If there's any question as to whether Pool, Cynic, or anyone else has the right to document Occupy and other protests up close, the answer may be in a May 14 US Department of Justice memo to the Baltimore Police Department. In regards to a non-Occupy-related Maryland case in which cops destroyed a man's recording of an arrest, the DOJ advised that transparent policies be made to ensure that "private individuals may gather and disseminate information of public concern, including the conduct of law enforcement." In other words: people with cameras are not to be arbitrarily fucked with.
Stearns of Free Press says his concern is that the Baltimore instructions will go ignored. Much like the invigorated media-relations plan in St. Paul, the directives have yet to resonate nationally and are unlikely to be consulted for the upcoming party conventions in Tampa and Charlotte, where word is there will be no official press credentials for anything that happens outside the designated halls. In the meantime, for those in the street when madness transpires, Stearns says it's important to watch out for each other and to educate the public about growing challenges to first-hand reporting.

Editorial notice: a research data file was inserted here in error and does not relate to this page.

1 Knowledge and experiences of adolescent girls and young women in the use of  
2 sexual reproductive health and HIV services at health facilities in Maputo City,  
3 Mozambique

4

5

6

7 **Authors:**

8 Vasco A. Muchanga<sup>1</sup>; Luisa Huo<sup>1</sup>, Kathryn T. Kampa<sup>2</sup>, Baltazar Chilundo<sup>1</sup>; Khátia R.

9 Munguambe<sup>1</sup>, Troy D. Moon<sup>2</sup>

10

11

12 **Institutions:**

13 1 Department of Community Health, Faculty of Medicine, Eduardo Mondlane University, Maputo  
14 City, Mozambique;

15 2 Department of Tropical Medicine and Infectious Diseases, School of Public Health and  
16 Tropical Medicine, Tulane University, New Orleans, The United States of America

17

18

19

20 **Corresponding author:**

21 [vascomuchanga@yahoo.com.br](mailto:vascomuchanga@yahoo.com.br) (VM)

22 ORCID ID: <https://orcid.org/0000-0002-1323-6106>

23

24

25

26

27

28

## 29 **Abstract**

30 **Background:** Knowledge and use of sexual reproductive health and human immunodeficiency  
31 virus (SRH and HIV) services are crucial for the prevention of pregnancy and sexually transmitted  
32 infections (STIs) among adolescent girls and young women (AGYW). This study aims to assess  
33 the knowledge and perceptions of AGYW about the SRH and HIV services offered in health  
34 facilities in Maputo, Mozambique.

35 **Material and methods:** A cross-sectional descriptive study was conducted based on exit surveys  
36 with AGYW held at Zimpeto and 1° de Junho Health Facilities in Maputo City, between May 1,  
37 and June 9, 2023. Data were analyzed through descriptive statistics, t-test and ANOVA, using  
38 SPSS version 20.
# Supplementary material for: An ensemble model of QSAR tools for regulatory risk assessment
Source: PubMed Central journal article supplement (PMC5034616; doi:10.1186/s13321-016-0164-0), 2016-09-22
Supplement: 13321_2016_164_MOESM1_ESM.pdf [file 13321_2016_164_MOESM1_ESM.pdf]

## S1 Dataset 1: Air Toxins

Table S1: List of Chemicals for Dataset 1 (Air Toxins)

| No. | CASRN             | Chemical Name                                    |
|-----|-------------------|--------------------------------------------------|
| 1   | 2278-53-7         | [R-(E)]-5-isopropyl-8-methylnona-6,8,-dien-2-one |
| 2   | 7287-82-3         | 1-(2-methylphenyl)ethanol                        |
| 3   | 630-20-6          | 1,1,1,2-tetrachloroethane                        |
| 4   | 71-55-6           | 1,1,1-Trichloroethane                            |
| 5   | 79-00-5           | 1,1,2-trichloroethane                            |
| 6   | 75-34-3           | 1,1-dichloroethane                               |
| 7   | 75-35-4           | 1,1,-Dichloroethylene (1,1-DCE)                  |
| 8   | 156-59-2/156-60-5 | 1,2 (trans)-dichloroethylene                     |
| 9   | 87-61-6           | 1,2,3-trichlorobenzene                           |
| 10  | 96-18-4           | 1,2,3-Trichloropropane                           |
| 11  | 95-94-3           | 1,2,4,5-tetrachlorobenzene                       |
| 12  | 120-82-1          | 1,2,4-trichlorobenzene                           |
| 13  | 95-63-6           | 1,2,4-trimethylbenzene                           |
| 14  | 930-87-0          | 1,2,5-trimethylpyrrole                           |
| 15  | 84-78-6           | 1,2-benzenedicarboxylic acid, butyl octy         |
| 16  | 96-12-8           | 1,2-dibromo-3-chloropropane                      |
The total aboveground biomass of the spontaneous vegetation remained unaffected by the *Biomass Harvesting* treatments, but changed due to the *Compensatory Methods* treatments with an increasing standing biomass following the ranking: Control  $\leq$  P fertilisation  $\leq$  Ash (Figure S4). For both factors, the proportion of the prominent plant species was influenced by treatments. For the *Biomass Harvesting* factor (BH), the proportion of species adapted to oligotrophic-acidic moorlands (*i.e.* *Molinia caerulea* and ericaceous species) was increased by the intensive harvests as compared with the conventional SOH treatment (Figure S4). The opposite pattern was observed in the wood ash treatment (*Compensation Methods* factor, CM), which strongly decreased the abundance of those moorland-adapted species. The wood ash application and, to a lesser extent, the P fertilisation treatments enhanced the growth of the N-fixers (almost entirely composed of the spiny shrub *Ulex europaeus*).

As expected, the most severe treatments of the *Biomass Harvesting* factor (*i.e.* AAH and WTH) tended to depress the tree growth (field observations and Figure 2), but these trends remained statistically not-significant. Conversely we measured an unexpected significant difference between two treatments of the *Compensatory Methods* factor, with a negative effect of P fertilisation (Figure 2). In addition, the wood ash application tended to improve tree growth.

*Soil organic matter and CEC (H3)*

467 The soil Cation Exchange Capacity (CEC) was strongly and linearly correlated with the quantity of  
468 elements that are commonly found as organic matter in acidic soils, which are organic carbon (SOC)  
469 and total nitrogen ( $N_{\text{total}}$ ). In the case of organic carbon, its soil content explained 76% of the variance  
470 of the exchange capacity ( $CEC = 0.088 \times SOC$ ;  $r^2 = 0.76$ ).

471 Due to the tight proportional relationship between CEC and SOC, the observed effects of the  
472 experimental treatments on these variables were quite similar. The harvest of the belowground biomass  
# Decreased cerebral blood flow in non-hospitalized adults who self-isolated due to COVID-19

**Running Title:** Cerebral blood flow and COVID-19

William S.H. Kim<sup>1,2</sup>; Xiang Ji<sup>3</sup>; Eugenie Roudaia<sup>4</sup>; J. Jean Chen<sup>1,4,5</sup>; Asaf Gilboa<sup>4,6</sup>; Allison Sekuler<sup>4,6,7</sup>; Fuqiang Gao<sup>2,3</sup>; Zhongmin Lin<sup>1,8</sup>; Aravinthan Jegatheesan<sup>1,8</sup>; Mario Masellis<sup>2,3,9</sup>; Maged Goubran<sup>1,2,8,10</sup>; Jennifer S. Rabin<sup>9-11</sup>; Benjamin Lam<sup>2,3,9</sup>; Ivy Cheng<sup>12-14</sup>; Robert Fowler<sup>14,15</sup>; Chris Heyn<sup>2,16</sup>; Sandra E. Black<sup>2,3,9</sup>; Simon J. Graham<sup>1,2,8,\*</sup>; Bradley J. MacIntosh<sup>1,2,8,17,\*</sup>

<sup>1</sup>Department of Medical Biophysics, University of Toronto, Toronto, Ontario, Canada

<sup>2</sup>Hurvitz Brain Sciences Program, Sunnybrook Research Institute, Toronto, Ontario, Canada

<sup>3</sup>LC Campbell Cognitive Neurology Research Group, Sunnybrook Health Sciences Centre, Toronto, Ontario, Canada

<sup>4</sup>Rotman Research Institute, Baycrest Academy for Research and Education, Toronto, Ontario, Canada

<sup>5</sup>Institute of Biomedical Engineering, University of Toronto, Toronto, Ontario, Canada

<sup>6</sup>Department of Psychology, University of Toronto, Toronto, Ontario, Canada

"There's an assumption on the part of authorities that everyone with a camera is out to get them," he says, "whereas in reality, we're just living in an increasingly participatory democracy. The most important step here is to keep discussing what the First Amendment means in a digital age. We can't just have that conversation in courtrooms afterwards."
Chris Faraone's book on Occupy, 99 Nights with the 99 Percent, is available now. Follow him on Twitter @fara1.
: News Features
, arrests, counterculture, media coverage